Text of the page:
PORTUGAL COULD face an increasing number of scorching summers according to a British meteorological expert. More fires and more heat-related deaths will be just some of the repercussions of extreme weather conditions, claims Jean Palutikof, director of the Climate Investigation Department at East Anglia University. Palutikof predicts a global increase of between two and three degrees centigrade by the year 2100. “This can seem trivial, but the problem is that it happens in extremes,” explained the specialist, citing the example of last summer’s forest fires in Portugal.
Professor Carlos de Câmara from the Portuguese Meteorological Institute told The Resident that there had been a 0.8 degree increase in average annual temperatures in Portugal since 1931. Although he stressed such an increase could be explained by “climatic variability”, he thought it more likely that the change was as a consequence of the so-called greenhouse effect. “Hot summers are more likely to occur and there is also likely to be less rainfall in the south,” he revealed.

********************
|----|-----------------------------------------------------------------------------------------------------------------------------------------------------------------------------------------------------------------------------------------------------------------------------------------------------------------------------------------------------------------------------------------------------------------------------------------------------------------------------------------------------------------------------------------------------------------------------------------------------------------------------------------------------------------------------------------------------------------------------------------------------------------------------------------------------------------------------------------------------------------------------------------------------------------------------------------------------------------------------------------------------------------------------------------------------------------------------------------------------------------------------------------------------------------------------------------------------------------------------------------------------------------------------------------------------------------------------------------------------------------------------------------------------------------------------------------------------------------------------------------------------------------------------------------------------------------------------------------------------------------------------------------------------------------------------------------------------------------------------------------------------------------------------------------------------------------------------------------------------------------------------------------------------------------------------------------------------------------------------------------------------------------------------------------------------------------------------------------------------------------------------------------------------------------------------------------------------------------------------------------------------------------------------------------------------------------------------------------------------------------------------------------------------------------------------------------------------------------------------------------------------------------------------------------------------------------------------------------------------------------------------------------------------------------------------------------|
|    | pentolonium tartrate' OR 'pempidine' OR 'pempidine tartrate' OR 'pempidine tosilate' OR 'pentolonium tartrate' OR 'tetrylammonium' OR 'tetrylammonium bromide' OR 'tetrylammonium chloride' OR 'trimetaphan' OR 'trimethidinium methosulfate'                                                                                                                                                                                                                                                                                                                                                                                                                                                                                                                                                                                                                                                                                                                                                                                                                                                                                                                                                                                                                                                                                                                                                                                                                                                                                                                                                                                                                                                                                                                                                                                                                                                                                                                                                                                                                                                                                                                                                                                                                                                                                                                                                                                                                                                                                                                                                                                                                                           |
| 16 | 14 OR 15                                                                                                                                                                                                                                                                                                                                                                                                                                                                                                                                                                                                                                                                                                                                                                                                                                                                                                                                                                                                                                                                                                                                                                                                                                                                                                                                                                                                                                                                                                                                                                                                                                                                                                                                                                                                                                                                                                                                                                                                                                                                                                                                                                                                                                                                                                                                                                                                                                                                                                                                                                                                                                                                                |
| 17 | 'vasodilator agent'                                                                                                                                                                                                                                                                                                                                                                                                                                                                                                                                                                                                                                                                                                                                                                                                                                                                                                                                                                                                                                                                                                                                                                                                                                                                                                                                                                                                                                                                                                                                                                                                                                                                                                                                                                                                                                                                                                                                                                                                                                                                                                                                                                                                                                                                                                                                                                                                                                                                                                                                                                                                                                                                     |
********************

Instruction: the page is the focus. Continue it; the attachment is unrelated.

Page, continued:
The professor explained that there were two ways of tackling the problem: “We can try to mitigate the causes (the greenhouse effect) by using fewer cars and more public transport and by using cleaner energy sources. Or, alternatively, we can deal with the consequences by providing more air conditioning in public buildings and homes. You also have to take action in the winter to prevent fires by reinforcing the fire-fighting and civil protection bodies as they do, rather more successfully, in Spain and France.”
In the meantime, the Assistant Secretary of State of Science and Higher Education has announced Portugal’s participation in a world project, operational from 2007, which will monitor sea levels. ‘Satellite Jason 2’ will be launched at the end of 2005 and the data that it will provide may reap badly needed financial dividends for the cash-strapped Portuguese Meteorological Institute. According to the president of the Institute, Aderito Serrão, a further 60 staff, including meteorologists and observers, are needed.
The problems at the Meteorological Institute have not gone unnoticed by weather watchers. A leading Portuguese daily newspaper claims that Algarve fishermen prefer to watch Spanish weather bulletins on TV owing to “the poor quality” of information in Portugal, observing that the Spanish weather bulletins are more complete.
Professor de Câmara acknowledged there was a funding crisis at the Institute but said that The Ministry of Science had agreed to bolster their equipment. “Our role is to monitor all climactic fluctuations. We have a huge network throughout the country – a total of 92 stations, but we are somewhat short of staff and equipment,” he conceded.